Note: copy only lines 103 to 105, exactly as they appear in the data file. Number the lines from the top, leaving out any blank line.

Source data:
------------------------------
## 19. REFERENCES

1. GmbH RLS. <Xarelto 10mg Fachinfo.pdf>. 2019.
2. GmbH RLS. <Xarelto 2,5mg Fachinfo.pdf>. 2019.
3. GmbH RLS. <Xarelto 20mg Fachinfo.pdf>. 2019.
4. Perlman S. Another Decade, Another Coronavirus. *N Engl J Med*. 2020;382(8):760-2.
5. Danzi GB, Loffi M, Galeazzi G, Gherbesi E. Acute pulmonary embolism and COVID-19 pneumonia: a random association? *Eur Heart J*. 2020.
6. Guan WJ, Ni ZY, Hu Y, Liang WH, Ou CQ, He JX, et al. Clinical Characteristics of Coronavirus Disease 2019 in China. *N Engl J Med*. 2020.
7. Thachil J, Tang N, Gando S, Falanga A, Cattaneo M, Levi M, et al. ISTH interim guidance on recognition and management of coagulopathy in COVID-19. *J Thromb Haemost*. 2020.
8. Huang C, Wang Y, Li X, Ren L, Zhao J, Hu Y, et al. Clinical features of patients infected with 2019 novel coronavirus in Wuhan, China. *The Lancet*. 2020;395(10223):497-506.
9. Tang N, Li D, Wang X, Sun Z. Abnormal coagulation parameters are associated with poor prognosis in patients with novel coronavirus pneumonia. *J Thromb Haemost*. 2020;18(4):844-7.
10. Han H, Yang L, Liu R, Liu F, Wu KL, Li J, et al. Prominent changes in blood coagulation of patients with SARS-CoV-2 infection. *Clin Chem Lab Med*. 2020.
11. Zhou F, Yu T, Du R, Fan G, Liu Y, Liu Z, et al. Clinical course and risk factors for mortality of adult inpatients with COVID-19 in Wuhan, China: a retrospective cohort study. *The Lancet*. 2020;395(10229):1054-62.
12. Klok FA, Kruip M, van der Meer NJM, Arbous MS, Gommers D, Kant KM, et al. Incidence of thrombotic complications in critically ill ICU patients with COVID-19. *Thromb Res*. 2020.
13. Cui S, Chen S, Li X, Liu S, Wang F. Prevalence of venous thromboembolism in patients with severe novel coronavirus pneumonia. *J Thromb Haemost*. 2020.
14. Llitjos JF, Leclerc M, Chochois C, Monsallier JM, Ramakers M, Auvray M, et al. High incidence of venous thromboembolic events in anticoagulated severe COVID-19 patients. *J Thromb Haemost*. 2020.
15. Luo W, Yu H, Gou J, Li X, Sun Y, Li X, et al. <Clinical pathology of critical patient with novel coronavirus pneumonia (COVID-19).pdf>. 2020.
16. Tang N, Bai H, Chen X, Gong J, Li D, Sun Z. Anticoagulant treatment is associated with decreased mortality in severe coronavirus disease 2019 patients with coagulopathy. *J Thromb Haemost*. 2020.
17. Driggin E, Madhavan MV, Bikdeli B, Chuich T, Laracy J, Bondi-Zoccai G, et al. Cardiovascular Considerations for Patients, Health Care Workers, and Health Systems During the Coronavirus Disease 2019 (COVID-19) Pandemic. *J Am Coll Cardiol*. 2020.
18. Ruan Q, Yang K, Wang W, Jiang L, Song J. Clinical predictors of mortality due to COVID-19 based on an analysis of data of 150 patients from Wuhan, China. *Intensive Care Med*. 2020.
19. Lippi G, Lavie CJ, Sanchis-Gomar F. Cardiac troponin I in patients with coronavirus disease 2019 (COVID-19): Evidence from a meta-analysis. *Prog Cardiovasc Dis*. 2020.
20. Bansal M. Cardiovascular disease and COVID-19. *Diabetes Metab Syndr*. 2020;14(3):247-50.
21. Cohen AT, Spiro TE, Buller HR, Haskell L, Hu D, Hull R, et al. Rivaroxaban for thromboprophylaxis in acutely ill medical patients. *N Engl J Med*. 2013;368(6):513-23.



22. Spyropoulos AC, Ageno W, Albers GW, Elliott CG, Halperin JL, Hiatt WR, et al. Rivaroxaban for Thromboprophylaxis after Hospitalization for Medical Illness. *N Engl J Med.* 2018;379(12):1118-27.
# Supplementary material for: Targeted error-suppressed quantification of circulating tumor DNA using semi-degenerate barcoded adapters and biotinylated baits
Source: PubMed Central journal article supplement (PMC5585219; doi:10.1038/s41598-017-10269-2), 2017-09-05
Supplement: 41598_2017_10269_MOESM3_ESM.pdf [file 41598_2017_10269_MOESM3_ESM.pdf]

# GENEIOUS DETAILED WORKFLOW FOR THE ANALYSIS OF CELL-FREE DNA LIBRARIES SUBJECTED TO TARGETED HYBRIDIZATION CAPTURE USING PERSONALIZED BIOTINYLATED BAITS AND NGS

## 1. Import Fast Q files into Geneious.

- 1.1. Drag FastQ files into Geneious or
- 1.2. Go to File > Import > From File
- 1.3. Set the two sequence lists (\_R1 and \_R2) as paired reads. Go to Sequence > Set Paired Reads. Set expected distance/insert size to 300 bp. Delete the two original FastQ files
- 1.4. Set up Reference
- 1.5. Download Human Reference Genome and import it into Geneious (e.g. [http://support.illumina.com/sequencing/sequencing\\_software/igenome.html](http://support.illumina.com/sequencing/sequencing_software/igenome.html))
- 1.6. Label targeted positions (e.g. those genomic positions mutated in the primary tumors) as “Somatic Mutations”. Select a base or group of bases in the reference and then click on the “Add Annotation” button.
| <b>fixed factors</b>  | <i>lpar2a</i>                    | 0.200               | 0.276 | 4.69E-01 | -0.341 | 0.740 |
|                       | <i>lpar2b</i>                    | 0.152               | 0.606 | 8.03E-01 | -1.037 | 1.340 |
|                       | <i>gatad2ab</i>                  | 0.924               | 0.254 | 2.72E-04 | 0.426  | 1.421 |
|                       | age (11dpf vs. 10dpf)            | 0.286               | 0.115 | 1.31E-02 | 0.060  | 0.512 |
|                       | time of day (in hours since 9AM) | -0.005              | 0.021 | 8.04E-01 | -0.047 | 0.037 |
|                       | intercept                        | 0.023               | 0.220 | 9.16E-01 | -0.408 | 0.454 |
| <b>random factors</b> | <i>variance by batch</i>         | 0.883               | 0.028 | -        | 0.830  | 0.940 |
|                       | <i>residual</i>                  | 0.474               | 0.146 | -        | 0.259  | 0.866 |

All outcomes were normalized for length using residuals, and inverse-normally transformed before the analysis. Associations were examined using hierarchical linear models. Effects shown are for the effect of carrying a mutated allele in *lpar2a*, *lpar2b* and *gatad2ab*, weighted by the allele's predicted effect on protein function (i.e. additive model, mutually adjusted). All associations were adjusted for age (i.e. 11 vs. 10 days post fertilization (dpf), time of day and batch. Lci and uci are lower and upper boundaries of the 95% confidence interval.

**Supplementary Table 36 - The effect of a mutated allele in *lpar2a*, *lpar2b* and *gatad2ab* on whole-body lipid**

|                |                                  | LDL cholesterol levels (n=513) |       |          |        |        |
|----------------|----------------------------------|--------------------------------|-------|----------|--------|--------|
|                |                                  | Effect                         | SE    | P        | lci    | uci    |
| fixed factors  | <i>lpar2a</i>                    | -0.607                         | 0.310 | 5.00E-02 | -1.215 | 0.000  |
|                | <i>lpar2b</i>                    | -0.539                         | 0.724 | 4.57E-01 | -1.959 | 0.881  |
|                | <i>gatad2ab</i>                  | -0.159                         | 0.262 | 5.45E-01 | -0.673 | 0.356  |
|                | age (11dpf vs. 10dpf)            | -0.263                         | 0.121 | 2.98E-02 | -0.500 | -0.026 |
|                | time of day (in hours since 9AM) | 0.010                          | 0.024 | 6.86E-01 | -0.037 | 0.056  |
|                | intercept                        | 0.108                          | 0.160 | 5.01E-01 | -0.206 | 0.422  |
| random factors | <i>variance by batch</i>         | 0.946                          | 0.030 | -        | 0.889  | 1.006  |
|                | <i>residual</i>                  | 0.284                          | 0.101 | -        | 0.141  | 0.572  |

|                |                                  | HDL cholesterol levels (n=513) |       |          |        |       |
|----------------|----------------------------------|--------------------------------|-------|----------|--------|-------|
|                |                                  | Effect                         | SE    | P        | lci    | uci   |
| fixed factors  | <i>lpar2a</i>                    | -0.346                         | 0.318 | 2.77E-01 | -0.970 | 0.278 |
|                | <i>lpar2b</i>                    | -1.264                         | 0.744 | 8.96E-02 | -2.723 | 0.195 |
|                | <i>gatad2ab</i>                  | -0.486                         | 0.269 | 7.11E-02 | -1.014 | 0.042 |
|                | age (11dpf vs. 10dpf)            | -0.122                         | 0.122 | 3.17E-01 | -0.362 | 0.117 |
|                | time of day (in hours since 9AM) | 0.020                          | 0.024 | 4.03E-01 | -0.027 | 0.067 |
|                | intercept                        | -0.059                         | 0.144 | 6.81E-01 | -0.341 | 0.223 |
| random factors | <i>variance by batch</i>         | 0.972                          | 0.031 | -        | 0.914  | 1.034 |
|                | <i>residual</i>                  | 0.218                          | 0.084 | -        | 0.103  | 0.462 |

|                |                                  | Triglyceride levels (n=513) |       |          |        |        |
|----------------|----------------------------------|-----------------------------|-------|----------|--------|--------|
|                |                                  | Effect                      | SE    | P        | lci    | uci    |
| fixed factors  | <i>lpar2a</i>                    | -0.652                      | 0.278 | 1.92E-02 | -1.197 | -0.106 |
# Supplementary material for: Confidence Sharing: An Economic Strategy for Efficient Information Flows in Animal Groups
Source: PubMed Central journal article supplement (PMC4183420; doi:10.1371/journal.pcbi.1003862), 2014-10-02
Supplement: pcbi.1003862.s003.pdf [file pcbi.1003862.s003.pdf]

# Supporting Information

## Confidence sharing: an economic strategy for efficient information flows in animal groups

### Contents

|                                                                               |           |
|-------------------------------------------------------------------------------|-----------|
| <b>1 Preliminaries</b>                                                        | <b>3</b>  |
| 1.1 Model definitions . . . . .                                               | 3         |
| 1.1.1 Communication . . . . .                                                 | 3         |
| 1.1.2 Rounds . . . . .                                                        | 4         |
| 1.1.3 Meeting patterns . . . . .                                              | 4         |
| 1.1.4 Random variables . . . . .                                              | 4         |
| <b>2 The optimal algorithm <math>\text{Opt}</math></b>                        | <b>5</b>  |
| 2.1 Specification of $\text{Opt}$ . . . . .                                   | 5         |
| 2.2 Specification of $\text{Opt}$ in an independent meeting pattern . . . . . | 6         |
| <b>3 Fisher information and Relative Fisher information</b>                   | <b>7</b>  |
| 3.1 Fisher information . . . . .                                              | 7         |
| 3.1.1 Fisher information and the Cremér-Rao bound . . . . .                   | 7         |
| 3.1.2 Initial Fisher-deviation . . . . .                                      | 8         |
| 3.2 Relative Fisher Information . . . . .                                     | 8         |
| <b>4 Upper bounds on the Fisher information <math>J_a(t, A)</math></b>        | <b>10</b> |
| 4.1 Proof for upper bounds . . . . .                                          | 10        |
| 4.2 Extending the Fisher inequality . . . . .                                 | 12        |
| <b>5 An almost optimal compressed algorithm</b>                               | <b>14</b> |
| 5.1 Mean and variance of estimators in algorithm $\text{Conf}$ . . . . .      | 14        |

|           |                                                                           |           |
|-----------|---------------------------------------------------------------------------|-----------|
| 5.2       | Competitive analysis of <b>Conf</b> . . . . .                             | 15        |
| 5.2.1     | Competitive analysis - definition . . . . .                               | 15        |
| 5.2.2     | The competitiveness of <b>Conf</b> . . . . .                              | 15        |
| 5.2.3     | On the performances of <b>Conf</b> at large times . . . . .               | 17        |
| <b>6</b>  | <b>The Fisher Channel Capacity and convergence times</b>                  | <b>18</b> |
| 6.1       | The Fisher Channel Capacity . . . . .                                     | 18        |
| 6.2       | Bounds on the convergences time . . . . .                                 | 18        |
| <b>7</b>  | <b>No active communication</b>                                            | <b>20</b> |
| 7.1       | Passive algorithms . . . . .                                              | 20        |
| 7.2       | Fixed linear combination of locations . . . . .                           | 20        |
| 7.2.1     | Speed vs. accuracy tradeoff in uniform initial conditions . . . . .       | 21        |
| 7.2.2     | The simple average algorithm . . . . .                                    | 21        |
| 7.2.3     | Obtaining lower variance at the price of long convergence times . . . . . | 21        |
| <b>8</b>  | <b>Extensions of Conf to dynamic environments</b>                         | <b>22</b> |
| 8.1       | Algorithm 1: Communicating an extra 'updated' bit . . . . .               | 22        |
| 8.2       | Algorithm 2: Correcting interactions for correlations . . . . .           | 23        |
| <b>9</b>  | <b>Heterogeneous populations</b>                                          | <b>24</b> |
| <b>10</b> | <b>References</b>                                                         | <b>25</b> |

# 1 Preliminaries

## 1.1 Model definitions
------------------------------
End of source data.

| 5.2.3     | On the performances of <b>Conf</b> at large times . . . . .               | 17        |
| <b>6</b>  | <b>The Fisher Channel Capacity and convergence times</b>                  | <b>18</b> |
| 6.1       | The Fisher Channel Capacity . . . . .                                     | 18        |